Erm...are you sure you want to hear this bit? Unfortunately volunteer accommodation tends to be fairly basic. It's considered normal for a volunteer to share his/her room with at least one other person or sometimes two. Some of the rooms have their own shower room/toilet; others are shared depending on the kibbutz. It's all a bit of pot luck when it comes to your accommodation. There are volunteers leaving all the time and most of them want to leave their own little mark so you might find the walls of your room covered in graffiti. You can modify your room with posters and beer labels to make it look a little bit more homely. If the graffiti is so bad, ask the volunteer leader for a pot of paint and do a bit of D.I.Y. You can also move rooms if there's enough space available.


    What's the age restrictions?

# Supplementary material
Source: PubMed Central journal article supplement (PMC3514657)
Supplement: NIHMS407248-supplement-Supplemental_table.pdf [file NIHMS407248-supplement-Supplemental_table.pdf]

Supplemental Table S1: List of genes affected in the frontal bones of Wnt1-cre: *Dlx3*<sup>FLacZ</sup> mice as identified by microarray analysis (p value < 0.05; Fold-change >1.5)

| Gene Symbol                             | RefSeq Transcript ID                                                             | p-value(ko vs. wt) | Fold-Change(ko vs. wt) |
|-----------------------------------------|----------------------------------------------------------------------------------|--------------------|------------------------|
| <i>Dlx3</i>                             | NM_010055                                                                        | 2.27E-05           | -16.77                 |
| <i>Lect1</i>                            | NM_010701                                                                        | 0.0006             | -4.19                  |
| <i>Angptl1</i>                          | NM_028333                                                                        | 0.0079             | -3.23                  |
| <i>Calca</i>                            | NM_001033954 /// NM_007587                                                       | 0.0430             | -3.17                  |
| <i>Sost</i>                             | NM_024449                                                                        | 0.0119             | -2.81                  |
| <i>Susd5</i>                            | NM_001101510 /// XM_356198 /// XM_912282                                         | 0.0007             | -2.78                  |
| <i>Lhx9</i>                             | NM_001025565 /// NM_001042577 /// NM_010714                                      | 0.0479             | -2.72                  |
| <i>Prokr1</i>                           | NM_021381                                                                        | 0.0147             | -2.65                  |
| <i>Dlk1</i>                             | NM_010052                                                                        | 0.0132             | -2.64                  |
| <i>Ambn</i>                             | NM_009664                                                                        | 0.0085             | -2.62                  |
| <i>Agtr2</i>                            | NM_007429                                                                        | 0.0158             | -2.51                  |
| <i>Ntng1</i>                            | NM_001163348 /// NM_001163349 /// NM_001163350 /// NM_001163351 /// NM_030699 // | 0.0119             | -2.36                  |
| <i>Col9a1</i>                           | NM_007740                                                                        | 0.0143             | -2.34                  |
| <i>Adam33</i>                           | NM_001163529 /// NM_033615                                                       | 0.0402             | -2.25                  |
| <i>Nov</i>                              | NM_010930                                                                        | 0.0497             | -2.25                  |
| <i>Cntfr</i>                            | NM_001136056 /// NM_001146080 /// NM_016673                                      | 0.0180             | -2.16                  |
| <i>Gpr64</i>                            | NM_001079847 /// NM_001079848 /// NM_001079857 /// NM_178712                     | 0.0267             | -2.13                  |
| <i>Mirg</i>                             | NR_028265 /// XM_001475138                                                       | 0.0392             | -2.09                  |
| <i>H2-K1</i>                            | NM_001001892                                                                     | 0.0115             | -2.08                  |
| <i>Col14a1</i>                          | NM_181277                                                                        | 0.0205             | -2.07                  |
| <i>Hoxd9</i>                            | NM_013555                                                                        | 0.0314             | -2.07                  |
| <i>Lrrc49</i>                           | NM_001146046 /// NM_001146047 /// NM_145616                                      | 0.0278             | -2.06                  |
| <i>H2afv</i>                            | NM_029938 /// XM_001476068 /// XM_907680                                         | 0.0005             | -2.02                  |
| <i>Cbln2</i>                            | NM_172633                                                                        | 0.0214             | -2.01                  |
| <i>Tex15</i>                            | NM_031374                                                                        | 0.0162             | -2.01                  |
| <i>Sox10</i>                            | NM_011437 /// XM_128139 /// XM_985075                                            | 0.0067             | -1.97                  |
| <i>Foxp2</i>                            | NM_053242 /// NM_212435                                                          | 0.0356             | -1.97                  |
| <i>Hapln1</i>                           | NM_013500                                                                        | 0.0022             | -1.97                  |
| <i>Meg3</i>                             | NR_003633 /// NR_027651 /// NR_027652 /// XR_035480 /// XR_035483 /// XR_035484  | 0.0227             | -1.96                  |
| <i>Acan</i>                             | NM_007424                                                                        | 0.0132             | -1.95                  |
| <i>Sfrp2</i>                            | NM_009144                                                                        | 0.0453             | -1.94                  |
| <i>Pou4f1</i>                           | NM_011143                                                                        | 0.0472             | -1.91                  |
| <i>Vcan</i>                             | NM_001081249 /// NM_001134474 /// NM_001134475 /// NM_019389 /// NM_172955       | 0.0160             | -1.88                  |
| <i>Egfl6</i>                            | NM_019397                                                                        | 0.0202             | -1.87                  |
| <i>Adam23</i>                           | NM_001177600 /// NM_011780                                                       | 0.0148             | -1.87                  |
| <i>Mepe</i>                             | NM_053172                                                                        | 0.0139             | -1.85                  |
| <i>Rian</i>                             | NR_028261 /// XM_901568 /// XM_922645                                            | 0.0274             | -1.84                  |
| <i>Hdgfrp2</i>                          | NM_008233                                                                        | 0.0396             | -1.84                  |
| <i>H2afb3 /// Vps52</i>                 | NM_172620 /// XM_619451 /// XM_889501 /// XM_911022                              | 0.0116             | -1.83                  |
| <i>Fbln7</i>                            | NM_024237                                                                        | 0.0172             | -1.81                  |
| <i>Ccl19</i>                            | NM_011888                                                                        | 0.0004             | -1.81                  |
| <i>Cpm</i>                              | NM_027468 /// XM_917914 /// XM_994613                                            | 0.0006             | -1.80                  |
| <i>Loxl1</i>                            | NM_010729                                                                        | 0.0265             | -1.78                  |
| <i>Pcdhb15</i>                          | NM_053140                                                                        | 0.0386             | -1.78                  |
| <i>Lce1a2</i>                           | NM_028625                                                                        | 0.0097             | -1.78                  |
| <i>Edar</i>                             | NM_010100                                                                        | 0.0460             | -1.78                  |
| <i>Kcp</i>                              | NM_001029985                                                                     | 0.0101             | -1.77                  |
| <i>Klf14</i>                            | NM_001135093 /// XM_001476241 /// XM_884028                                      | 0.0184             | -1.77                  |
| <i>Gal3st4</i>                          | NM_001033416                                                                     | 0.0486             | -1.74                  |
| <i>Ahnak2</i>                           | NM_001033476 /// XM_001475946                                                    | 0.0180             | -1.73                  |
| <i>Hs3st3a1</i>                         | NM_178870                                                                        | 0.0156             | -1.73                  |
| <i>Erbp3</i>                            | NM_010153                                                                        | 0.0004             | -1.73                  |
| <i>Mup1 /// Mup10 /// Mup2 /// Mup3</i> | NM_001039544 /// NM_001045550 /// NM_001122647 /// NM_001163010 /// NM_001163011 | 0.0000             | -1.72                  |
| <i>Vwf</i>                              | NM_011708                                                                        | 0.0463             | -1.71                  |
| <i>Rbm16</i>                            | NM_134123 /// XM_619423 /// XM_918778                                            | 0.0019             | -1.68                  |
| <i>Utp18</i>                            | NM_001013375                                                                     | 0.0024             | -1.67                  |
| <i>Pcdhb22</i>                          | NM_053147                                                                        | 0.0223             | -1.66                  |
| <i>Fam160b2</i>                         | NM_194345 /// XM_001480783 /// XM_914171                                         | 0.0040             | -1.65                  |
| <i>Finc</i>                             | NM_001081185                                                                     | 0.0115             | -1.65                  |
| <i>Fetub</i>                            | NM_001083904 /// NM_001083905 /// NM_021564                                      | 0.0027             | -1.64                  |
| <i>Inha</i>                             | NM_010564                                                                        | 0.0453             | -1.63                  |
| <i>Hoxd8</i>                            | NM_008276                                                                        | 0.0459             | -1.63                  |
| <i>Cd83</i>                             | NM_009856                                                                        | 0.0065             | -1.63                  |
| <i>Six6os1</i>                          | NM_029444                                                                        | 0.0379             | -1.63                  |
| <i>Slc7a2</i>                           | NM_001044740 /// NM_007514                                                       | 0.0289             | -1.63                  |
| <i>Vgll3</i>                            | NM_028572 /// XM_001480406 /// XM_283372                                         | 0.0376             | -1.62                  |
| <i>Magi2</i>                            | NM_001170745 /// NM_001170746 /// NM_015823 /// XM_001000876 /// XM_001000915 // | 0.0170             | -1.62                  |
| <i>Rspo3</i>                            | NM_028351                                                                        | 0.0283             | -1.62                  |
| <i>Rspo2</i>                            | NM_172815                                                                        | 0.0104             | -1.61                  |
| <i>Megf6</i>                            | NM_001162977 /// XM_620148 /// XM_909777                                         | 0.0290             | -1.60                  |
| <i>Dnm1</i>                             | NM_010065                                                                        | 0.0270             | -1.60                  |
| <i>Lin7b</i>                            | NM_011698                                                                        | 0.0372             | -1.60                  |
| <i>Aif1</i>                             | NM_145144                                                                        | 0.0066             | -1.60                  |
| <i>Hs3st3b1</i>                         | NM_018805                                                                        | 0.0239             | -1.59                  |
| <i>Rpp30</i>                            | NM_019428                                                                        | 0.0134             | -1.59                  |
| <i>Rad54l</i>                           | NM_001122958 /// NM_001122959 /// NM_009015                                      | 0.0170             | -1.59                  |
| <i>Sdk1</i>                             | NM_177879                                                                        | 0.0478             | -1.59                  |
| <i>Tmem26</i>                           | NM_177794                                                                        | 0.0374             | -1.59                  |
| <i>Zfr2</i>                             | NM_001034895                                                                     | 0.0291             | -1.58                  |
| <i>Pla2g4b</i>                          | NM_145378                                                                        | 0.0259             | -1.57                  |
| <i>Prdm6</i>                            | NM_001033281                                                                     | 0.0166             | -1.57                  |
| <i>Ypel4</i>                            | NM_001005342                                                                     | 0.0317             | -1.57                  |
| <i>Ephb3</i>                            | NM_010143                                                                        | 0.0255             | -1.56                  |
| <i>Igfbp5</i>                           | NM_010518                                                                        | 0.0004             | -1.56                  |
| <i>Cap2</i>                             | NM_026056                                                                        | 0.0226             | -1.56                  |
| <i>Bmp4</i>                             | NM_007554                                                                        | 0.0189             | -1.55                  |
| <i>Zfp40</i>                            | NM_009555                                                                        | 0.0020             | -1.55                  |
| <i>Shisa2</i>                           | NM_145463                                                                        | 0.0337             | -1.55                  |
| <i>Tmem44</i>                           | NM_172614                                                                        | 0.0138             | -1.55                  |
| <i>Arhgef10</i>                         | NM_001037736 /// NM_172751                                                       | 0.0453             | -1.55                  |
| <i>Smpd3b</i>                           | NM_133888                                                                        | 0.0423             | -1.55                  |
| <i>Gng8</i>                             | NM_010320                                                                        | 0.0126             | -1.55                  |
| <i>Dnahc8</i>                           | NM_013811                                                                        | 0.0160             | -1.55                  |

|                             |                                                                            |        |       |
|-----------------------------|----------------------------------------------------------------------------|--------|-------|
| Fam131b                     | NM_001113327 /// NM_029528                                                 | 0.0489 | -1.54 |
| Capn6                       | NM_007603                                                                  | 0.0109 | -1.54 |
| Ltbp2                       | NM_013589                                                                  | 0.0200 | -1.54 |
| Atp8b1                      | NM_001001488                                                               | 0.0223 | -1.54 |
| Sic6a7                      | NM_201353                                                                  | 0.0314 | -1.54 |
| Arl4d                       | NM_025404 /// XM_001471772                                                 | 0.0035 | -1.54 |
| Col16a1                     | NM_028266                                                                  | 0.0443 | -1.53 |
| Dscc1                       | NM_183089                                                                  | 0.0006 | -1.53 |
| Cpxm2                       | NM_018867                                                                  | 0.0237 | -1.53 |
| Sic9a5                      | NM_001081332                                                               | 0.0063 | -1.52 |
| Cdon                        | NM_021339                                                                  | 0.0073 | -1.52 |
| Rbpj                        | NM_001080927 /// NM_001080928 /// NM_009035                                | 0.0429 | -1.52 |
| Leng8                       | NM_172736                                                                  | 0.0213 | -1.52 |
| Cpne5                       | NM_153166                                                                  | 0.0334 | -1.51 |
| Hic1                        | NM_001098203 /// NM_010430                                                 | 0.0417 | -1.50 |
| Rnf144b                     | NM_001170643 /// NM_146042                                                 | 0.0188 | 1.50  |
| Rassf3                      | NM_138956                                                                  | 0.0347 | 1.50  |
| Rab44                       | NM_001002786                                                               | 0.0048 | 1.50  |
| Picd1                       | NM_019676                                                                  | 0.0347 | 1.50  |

Officially you have to be between the ages of 18-35.


    How long can I go for? 
    Nowadays you can stay on a kibbutz for anything from two months to six months. Some kibbutzim ask for a small deposit when you first arrive that is returned to you if you stay longer than two months. When you first arrive in Israel you'll be given a visa for three months and this can be renewed when it runs out. It's very difficult to get a visa renewed after that, so you'd need to leave the country then return. If you do leave Israel (i.e. to Egypt) on your return you'll only receive a visa that matches the time you were out of the country. Obviously they can't keep you there if you hate it so you can leave anytime you want.


    Do I have to go with a group? 
    No, you can go solo if that's your preference, however the days of just turning up at a kibbutz and asking if they have any places for volunteers seem to be over. If you are arriving in Israel before you've organized a place you'll need to report to the kibbutz volunteers office in Tel Aviv. They'll ask you where you want to go, take some shekels from you for administration and insurance then send you on your way with a map and some directions to the central bus station.


    How much will I get paid?